Vakharia M.D. v. Swedish Covenant Hosp.

Decision Date09 September 1999
Docket NumberNo. 97-4235,97-4235
Parties(7th Cir. 1999) USHA VAKHARIA, M.D., Plaintiff-Appellant, v. SWEDISH COVENANT HOSPITAL, NANCY LOEBER, M.D., DEMETRIUS A. TRAKAS, M.D., et al., Defendants-Appellees
CourtU.S. Court of Appeals — Seventh Circuit

Appeal from the United States District Court for the Northern District of Illinois, Eastern Division. No. 90 C 6548--James B. Moran, Judge. [Copyrighted Material Omitted]

[Copyrighted Material Omitted] Before CUDAHY, COFFEY and DIANE P. WOOD, Circuit Judges.

CUDAHY, Circuit Judge.

Usha Vakharia worked as an anesthesiologist at Swedish Covenant Hospital (SCH) from 1974 until 1989 when her hospital privileges were terminated ostensibly because of a lack of quality in her care of her patients. Vakharia filed a seven-count complaint against SCH and other defendants alleging, among other things, discrimination on grounds of race, national origin, sex and age. The district court entered summary judgment in favor of the defendants on all counts. Vakharia now appeals and we affirm.


Vakharia, a foreign-born, Asian-American woman and over the age of 40 at all relevant times, is a board-certified anesthesiologist, trained in the United States in her specialty. In 1974, she was appointed to the staff of SCH, a not-for- profit hospital located in Chicago. She was reappointed each year through 1989 and her privileges were increased in 1981 and 1983. For several months in 1984, Vakharia served as the acting head of the anesthesiology section. That same year, in response to complaints by the Chicago Board of Health regarding substandard equipment and improper equipment care, SCH took steps to improve its anesthesiology services. It hired Dr. Nancy Loeber, a white, American-born woman, as director of anesthesiology with a mandate to enhance the quality of anesthesiology care. Vakharia contends that she applied for the position of director but that her candidature was not considered; SCH points to a lack of evidence in the record that she had in fact applied.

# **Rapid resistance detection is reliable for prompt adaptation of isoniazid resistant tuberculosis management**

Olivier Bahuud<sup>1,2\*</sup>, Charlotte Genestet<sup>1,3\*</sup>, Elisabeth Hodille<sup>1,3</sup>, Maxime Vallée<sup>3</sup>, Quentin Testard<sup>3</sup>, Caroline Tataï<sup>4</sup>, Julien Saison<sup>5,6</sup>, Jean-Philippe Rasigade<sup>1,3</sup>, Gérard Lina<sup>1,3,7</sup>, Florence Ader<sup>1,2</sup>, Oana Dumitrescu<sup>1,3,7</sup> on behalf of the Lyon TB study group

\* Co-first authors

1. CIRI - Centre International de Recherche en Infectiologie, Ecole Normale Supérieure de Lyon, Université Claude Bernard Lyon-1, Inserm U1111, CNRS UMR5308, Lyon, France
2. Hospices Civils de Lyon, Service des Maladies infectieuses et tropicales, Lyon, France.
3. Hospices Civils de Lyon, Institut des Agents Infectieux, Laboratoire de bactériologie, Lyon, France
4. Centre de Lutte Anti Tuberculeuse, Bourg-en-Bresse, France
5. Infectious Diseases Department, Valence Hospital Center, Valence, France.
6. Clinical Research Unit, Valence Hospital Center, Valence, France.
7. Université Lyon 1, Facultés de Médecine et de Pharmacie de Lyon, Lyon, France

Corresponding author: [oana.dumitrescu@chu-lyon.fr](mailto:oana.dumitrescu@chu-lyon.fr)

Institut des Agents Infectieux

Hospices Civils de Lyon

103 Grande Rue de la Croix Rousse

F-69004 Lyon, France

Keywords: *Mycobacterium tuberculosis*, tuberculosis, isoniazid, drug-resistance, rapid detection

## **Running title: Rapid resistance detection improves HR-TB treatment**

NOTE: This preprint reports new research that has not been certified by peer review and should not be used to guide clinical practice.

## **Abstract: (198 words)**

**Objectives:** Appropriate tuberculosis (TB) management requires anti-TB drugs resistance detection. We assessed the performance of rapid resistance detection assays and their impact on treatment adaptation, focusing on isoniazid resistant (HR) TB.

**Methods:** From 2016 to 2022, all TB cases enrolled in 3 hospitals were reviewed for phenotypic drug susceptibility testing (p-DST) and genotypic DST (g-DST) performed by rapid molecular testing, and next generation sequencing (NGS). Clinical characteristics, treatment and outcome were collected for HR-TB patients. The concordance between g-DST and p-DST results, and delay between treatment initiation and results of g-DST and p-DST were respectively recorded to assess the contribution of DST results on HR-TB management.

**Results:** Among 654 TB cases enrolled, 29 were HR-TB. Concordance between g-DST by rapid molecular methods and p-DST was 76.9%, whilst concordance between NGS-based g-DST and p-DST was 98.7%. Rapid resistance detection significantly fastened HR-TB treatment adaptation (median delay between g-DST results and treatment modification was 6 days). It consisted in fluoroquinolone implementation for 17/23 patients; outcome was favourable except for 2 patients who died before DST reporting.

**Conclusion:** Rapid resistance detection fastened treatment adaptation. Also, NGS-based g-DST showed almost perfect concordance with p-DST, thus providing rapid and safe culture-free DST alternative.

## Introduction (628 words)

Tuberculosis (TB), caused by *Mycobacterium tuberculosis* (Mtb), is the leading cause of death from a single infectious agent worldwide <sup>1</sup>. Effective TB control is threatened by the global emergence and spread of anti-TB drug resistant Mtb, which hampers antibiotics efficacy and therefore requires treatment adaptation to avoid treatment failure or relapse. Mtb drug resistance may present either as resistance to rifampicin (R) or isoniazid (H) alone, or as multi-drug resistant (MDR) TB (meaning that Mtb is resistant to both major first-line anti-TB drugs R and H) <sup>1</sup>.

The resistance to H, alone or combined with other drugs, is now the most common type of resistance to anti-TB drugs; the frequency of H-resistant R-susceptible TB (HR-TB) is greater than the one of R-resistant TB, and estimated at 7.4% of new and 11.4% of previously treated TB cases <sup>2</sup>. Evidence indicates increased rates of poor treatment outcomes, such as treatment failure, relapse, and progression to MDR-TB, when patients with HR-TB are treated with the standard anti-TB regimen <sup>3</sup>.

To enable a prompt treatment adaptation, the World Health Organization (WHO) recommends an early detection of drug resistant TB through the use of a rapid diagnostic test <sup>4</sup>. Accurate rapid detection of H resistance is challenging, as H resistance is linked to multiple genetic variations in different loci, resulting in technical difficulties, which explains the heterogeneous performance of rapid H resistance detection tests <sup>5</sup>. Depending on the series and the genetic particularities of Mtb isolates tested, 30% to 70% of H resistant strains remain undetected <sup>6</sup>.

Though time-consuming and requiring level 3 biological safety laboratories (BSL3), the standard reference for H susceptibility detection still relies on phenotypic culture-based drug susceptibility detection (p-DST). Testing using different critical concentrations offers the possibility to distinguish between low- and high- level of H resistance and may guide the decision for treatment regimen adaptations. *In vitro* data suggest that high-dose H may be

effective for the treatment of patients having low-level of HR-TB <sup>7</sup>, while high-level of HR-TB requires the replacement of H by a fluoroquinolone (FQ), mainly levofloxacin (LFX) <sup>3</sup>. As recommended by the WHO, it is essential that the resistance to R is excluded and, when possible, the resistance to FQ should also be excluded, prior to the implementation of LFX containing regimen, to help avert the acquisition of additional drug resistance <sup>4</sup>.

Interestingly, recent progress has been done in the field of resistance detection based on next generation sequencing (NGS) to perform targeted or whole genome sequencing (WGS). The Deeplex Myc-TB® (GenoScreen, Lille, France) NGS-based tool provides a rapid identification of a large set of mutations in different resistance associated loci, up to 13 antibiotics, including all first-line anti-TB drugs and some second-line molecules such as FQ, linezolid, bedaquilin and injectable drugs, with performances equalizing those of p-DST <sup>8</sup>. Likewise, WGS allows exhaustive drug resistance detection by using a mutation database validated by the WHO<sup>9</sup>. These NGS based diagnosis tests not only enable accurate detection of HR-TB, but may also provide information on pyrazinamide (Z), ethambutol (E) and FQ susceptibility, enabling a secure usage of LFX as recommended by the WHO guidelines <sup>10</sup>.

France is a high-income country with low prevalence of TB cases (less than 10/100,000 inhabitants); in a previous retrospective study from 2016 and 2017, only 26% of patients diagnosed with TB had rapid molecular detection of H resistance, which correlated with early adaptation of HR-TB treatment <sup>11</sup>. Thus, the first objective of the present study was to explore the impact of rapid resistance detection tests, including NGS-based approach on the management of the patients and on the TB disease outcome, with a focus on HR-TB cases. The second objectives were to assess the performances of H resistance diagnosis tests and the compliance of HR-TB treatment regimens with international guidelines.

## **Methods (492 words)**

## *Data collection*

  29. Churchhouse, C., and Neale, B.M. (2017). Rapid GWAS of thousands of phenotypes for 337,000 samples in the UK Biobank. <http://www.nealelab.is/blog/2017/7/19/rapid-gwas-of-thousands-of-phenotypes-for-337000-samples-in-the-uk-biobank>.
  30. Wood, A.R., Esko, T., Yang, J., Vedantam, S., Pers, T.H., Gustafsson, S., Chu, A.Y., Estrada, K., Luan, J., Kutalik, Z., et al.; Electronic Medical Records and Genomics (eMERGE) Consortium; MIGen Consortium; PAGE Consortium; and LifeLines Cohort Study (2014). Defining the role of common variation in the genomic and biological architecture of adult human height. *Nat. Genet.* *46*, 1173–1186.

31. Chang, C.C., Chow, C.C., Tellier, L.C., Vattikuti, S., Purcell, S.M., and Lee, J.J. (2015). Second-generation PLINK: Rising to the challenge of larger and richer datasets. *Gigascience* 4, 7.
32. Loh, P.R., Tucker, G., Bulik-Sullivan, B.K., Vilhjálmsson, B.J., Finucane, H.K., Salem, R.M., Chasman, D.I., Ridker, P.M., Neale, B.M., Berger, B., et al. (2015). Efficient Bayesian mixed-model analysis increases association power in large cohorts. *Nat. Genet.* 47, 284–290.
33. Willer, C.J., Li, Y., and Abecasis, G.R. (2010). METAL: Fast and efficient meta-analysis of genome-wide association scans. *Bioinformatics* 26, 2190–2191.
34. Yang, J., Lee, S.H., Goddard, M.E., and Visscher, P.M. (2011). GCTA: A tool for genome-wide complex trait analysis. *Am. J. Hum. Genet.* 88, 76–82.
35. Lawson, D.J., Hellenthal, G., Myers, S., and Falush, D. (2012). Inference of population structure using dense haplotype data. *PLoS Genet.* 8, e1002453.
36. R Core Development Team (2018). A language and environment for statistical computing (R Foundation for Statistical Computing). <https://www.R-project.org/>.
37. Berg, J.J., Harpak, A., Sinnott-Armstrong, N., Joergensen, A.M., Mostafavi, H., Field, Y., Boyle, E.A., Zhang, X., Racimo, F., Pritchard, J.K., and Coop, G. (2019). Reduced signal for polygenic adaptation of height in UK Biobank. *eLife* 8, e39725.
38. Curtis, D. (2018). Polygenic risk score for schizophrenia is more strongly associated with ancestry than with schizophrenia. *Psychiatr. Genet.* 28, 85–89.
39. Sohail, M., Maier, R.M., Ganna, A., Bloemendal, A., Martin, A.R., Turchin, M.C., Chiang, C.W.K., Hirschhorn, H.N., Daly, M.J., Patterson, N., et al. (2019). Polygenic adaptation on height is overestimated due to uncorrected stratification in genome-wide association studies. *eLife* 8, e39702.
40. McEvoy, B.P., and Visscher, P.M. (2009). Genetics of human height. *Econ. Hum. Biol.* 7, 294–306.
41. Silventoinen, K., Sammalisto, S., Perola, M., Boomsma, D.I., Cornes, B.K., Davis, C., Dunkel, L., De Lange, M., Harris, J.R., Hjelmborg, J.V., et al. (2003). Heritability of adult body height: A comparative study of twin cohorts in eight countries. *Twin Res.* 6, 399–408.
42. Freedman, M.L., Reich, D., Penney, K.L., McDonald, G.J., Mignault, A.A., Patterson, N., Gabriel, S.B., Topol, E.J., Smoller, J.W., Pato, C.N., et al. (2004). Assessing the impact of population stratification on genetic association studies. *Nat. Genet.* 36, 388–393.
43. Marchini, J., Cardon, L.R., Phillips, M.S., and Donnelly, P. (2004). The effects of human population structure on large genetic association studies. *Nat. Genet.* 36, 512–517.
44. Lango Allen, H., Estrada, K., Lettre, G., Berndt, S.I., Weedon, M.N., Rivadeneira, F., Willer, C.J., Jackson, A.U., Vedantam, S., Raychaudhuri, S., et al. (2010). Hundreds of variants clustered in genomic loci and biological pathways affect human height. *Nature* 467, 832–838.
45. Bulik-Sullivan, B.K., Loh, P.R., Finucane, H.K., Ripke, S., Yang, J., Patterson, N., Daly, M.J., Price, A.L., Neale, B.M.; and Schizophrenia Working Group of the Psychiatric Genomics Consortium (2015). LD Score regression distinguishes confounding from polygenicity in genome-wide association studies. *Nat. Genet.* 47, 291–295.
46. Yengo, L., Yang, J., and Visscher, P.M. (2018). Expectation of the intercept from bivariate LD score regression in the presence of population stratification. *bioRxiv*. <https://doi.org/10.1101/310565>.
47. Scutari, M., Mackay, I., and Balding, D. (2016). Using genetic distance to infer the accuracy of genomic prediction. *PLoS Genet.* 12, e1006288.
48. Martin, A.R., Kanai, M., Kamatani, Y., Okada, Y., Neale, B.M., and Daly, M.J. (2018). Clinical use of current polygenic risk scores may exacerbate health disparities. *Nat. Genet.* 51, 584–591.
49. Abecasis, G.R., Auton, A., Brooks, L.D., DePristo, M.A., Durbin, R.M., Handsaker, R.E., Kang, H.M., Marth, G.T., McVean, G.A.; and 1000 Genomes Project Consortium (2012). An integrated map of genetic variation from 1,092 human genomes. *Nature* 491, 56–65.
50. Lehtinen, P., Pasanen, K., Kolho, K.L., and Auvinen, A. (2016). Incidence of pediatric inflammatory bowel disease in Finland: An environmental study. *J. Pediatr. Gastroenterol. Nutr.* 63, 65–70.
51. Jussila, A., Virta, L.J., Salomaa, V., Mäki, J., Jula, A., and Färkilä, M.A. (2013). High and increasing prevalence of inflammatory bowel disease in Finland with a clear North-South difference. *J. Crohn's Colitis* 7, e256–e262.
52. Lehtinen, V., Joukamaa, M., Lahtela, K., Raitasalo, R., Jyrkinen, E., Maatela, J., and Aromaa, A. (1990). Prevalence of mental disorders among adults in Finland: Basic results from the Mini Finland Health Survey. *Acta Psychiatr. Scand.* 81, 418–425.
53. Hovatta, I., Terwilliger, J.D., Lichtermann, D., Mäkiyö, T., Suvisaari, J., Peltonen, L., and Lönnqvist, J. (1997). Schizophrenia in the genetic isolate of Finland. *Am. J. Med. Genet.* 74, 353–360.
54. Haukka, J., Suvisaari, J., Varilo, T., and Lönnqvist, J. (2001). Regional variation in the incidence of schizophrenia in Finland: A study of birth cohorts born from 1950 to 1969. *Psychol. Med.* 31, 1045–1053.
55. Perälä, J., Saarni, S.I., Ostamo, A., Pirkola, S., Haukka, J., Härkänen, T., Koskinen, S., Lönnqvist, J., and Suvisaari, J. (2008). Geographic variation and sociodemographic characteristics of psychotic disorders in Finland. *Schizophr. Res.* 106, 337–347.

In any event, by January 1986, anesthesiology had been designated a separate department within SCH. As chair of the department, Loeber assumed responsibility for supervising anesthesiology personnel--including staffing decisions and case assignments--and for establishing quality control procedures. The composition of the anesthesiology department changed considerably over the next few years. In 1984, all five anesthesiologists at SCH were foreign-born (four female and one male). Between 1985 and 1987, Loeber expanded the department with four new recruits (three male and one female), each of whom was white and American- born.

Loeber's first brush with Vakharia took place in March 1987, when Loeber conducted a performance audit on Vakharia. The audit identified 13 cases--11 in the previous year--in which Vakharia had experienced difficulty intubating patients or had failed to properly supervise unstable patients in the recovery room. Responding to Loeber's request for an explanation, Vakharia denied that the 13 cases reflected problems with her care and claimed that Karen Filipkowski, the nurse who had prepared several of the incident reports, was biased against her. In September 1987, motivated by a desire to spend more time with her family, Vakharia requested and received permission from Loeber to go on part-time rotation. The following March, Loeber conducted a poll of 35 of the 71 hospital surgeons concerning their preferences among the anesthesiologists. Of the responses received, Vakharia was the least, or close to the least, preferred.